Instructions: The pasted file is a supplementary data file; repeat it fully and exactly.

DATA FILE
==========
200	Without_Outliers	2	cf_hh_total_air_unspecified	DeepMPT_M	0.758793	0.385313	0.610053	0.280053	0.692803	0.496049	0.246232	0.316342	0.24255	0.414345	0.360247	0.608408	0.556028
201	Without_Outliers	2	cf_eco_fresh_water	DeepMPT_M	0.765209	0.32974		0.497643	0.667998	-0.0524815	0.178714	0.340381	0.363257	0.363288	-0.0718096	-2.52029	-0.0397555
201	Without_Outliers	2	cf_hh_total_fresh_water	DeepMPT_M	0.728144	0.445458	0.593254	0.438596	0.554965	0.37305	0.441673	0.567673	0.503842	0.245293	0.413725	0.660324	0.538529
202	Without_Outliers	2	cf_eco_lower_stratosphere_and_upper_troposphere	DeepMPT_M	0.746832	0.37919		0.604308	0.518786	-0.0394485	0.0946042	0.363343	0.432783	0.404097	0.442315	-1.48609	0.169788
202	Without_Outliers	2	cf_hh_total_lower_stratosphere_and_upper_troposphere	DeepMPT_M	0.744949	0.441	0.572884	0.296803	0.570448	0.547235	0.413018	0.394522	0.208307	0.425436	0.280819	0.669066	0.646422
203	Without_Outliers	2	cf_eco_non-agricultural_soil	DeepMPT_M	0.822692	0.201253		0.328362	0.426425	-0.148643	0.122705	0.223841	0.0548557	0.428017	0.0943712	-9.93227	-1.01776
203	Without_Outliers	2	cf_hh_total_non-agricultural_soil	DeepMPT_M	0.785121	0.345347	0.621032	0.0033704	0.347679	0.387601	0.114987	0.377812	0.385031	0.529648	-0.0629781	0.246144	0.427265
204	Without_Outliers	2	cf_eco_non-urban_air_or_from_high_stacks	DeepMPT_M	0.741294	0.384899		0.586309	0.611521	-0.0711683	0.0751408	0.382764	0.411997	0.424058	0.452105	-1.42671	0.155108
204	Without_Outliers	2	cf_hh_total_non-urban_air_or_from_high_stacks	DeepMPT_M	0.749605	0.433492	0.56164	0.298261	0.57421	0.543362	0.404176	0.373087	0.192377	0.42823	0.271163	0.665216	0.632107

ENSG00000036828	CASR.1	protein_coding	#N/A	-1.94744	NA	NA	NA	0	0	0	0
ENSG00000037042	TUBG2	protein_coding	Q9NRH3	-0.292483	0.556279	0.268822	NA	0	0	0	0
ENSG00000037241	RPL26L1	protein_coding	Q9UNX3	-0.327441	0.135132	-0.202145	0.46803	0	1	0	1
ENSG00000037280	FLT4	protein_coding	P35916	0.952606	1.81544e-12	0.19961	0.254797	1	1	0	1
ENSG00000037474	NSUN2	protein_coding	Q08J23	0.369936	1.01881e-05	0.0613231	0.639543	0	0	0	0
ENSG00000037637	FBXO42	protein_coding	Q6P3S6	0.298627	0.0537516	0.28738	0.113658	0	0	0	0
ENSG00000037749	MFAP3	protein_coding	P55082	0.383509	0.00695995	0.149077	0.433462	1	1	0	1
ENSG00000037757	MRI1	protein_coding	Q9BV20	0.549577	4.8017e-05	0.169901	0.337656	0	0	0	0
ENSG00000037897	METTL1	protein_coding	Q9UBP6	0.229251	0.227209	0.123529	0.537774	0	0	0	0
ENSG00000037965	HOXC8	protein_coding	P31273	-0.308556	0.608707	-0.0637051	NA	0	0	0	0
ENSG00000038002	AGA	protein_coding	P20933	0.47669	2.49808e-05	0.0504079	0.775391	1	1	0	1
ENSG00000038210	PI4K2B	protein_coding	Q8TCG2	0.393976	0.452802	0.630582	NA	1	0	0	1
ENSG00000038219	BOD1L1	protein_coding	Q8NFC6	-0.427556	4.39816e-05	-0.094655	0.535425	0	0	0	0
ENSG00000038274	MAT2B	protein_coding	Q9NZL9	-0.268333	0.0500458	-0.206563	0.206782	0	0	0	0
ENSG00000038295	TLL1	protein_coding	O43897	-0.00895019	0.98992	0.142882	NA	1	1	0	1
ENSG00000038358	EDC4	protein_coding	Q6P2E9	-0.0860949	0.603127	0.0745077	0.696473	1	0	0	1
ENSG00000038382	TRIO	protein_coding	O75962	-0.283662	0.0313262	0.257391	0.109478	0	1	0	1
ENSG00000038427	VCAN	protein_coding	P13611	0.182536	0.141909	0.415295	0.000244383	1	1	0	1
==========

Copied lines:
200	Without_Outliers	2	cf_hh_total_air_unspecified	DeepMPT_M	0.758793	0.385313	0.610053	0.280053	0.692803	0.496049	0.246232	0.316342	0.24255	0.414345	0.360247	0.608408	0.556028
201	Without_Outliers	2	cf_eco_fresh_water	DeepMPT_M	0.765209	0.32974		0.497643	0.667998	-0.0524815	0.178714	0.340381	0.363257	0.363288	-0.0718096	-2.52029	-0.0397555
201	Without_Outliers	2	cf_hh_total_fresh_water	DeepMPT_M	0.728144	0.445458	0.593254	0.438596	0.554965	0.37305	0.441673	0.567673	0.503842	0.245293	0.413725	0.660324	0.538529
202	Without_Outliers	2	cf_eco_lower_stratosphere_and_upper_troposphere	DeepMPT_M	0.746832	0.37919		0.604308	0.518786	-0.0394485	0.0946042	0.363343	0.432783	0.404097	0.442315	-1.48609	0.169788
202	Without_Outliers	2	cf_hh_total_lower_stratosphere_and_upper_troposphere	DeepMPT_M	0.744949	0.441	0.572884	0.296803	0.570448	0.547235	0.413018	0.394522	0.208307	0.425436	0.280819	0.669066	0.646422
203	Without_Outliers	2	cf_eco_non-agricultural_soil	DeepMPT_M	0.822692	0.201253		0.328362	0.426425	-0.148643	0.122705	0.223841	0.0548557	0.428017	0.0943712	-9.93227	-1.01776
203	Without_Outliers	2	cf_hh_total_non-agricultural_soil	DeepMPT_M	0.785121	0.345347	0.621032	0.0033704	0.347679	0.387601	0.114987	0.377812	0.385031	0.529648	-0.0629781	0.246144	0.427265
204	Without_Outliers	2	cf_eco_non-urban_air_or_from_high_stacks	DeepMPT_M	0.741294	0.384899		0.586309	0.611521	-0.0711683	0.0751408	0.382764	0.411997	0.424058	0.452105	-1.42671	0.155108
204	Without_Outliers	2	cf_hh_total_non-urban_air_or_from_high_stacks	DeepMPT_M	0.749605	0.433492	0.56164	0.298261	0.57421	0.543362	0.404176	0.373087	0.192377	0.42823	0.271163	0.665216	0.632107

ENSG00000036828	CASR.1	protein_coding	#N/A	-1.94744	NA	NA	NA	0	0	0	0
ENSG00000037042	TUBG2	protein_coding	Q9NRH3	-0.292483	0.556279	0.268822	NA	0	0	0	0
ENSG00000037241	RPL26L1	protein_coding	Q9UNX3	-0.327441	0.135132	-0.202145	0.46803	0	1	0	1
ENSG00000037280	FLT4	protein_coding	P35916	0.952606	1.81544e-12	0.19961	0.254797	1	1	0	1
ENSG00000037474	NSUN2	protein_coding	Q08J23	0.369936	1.01881e-05	0.0613231	0.639543	0	0	0	0
ENSG00000037637	FBXO42	protein_coding	Q6P3S6	0.298627	0.0537516	0.28738	0.113658	0	0	0	0
ENSG00000037749	MFAP3	protein_coding	P55082	0.383509	0.00695995	0.149077	0.433462	1	1	0	1
ENSG00000037757	MRI1	protein_coding	Q9BV20	0.549577	4.8017e-05	0.169901	0.337656	0	0	0	0
ENSG00000037897	METTL1	protein_coding	Q9UBP6	0.229251	0.227209	0.123529	0.537774	0	0	0	0
ENSG00000037965	HOXC8	protein_coding	P31273	-0.308556	0.608707	-0.0637051	NA	0	0	0	0
ENSG00000038002	AGA	protein_coding	P20933	0.47669	2.49808e-05	0.0504079	0.775391	1	1	0	1
ENSG00000038210	PI4K2B	protein_coding	Q8TCG2	0.393976	0.452802	0.630582	NA	1	0	0	1
ENSG00000038219	BOD1L1	protein_coding	Q8NFC6	-0.427556	4.39816e-05	-0.094655	0.535425	0	0	0	0
ENSG00000038274	MAT2B	protein_coding	Q9NZL9	-0.268333	0.0500458	-0.206563	0.206782	0	0	0	0
ENSG00000038295	TLL1	protein_coding	O43897	-0.00895019	0.98992	0.142882	NA	1	1	0	1
ENSG00000038358	EDC4	protein_coding	Q6P2E9	-0.0860949	0.603127	0.0745077	0.696473	1	0	0	1
ENSG00000038382	TRIO	protein_coding	O75962	-0.283662	0.0313262	0.257391	0.109478	0	1	0	1
ENSG00000038427	VCAN	protein_coding	P13611	0.182536	0.141909	0.415295	0.000244383	1	1	0	1